Climate Science

Vol. 27 No. 1

Reviewed by

Charles, J., “The Grass is Greener: Storing Carbon in Rangeland Soils,” Bay Nature (April–June 2012). A group of ranchers and scientists in California’s Marin County have been investigating a potential method for sequestering carbon in soil through “a few simple changes” in ranching practices. The project, referred to as the Marin Carbon Project, involves not only the ranchers but also a rangeland ecologist, a UC Berkeley biogeochemist, and representatives of the USDA Natural Resources Conservation Service, Marin Organic, and the Marin Agricultural Land Trust. The results have been promising:

Three years ago, the team spread a half-inch blanket of compost on the soil surface of the test plot. Today 90 percent of the material remains on the surface, acting like a slow-release fertilizer and helping to build soil organic matter. And the underlying soil has gained a metric ton more carbon than similar areas nearby that were left alone. Some of this additional carbon came from the compost, and some is likely to have come from plant growth that was stimulated by the compost. The team’s computer models suggest that a single application of compost could lead to carbon storage for up to 30 years. If this turns out to be true, spreading compost on half of the 23 million acres of rangeland in California every three decades could offset all carbon emissions from all commercial and residential use.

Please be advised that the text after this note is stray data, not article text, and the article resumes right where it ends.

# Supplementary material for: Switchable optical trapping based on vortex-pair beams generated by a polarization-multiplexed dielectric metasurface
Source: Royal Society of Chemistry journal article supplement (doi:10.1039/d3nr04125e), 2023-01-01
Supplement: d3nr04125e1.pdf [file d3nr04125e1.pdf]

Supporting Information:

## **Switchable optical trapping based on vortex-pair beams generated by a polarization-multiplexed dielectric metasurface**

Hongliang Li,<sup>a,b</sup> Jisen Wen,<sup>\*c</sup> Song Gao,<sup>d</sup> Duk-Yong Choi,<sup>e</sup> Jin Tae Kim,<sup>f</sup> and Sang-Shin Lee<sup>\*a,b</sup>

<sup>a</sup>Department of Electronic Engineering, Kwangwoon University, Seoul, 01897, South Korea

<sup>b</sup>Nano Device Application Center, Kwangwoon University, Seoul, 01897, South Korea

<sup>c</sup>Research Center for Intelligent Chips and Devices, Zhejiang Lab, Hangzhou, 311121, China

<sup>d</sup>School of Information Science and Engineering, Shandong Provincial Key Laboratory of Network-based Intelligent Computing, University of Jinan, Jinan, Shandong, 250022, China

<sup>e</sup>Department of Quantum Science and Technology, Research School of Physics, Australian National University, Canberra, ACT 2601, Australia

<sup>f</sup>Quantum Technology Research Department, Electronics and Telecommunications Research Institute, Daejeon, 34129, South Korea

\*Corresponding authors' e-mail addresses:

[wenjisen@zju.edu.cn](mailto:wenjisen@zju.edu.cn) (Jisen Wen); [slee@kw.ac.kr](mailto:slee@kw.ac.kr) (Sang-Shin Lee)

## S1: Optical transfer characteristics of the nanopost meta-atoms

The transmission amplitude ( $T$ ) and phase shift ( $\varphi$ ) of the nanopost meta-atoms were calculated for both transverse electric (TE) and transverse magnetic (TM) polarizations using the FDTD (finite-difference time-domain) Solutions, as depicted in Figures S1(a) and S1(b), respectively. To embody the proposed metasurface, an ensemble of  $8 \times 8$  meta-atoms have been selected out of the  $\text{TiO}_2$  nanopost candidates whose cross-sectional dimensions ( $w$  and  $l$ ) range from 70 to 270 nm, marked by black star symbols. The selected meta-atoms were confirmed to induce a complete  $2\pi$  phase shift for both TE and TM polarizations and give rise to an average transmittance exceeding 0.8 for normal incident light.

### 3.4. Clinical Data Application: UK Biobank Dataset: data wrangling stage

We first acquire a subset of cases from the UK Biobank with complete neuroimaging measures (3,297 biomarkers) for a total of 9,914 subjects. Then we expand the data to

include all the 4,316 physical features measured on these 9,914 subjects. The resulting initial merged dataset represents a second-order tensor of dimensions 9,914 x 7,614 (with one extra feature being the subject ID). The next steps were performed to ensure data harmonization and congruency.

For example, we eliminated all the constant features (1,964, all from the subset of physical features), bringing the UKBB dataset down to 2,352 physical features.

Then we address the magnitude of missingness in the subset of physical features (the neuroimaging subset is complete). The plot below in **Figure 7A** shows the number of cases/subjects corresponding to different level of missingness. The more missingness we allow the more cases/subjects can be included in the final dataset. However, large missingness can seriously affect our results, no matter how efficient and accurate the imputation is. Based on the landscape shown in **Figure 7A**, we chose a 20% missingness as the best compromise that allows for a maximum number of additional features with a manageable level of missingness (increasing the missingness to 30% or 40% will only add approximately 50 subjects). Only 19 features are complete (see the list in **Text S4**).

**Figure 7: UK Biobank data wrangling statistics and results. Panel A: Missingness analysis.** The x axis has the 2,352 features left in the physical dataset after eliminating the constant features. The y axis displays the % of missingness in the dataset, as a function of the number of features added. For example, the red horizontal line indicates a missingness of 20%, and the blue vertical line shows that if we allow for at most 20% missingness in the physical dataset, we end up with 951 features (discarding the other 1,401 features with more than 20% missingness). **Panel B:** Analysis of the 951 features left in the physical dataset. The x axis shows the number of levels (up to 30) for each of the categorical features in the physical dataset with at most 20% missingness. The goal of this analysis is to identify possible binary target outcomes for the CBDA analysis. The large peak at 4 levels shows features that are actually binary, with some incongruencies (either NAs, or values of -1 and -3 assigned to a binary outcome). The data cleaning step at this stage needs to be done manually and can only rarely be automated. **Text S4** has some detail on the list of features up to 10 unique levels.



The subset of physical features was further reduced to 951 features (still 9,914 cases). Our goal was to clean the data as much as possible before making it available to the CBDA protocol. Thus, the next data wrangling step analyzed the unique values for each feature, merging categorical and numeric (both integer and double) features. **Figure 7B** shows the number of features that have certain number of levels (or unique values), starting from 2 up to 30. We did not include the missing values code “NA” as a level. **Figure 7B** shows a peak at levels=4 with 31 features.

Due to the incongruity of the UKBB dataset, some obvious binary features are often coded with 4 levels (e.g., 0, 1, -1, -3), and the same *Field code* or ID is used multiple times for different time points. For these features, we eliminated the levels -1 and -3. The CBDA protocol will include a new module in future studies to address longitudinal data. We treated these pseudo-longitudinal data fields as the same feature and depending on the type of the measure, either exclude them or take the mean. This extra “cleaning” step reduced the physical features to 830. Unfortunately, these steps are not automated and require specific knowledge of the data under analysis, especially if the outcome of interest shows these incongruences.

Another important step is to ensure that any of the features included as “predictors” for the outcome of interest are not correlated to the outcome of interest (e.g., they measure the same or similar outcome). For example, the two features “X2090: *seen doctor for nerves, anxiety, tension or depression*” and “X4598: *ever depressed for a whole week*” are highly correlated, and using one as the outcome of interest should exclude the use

The next step is to increase the scale of the project and entice other ranchers to participate. The cost of the compost is a significant factor. The project team has been working toward participation in emerging carbon markets by “working with the Environmental Defense Fund to develop a protocol that will meet state standards and let interested businesses and investors partner with rangeland owners on efforts to meet greenhouse gas reduction requirements.” One notable local business, George Lucas’s Skywalker Ranch, has proposed “to offset 500 metric tons of greenhouse gas emissions per year” in part “through rangeland carbon sequestration.”

In conclusion the author observes that if the Marin Carbon Project is successful “in facilitating an economic reward for greenhouse gas reduction and carbon storage on California’s ranches, it will be an exciting step toward ensuring the preservation of iconic rural landscapes and communities.”


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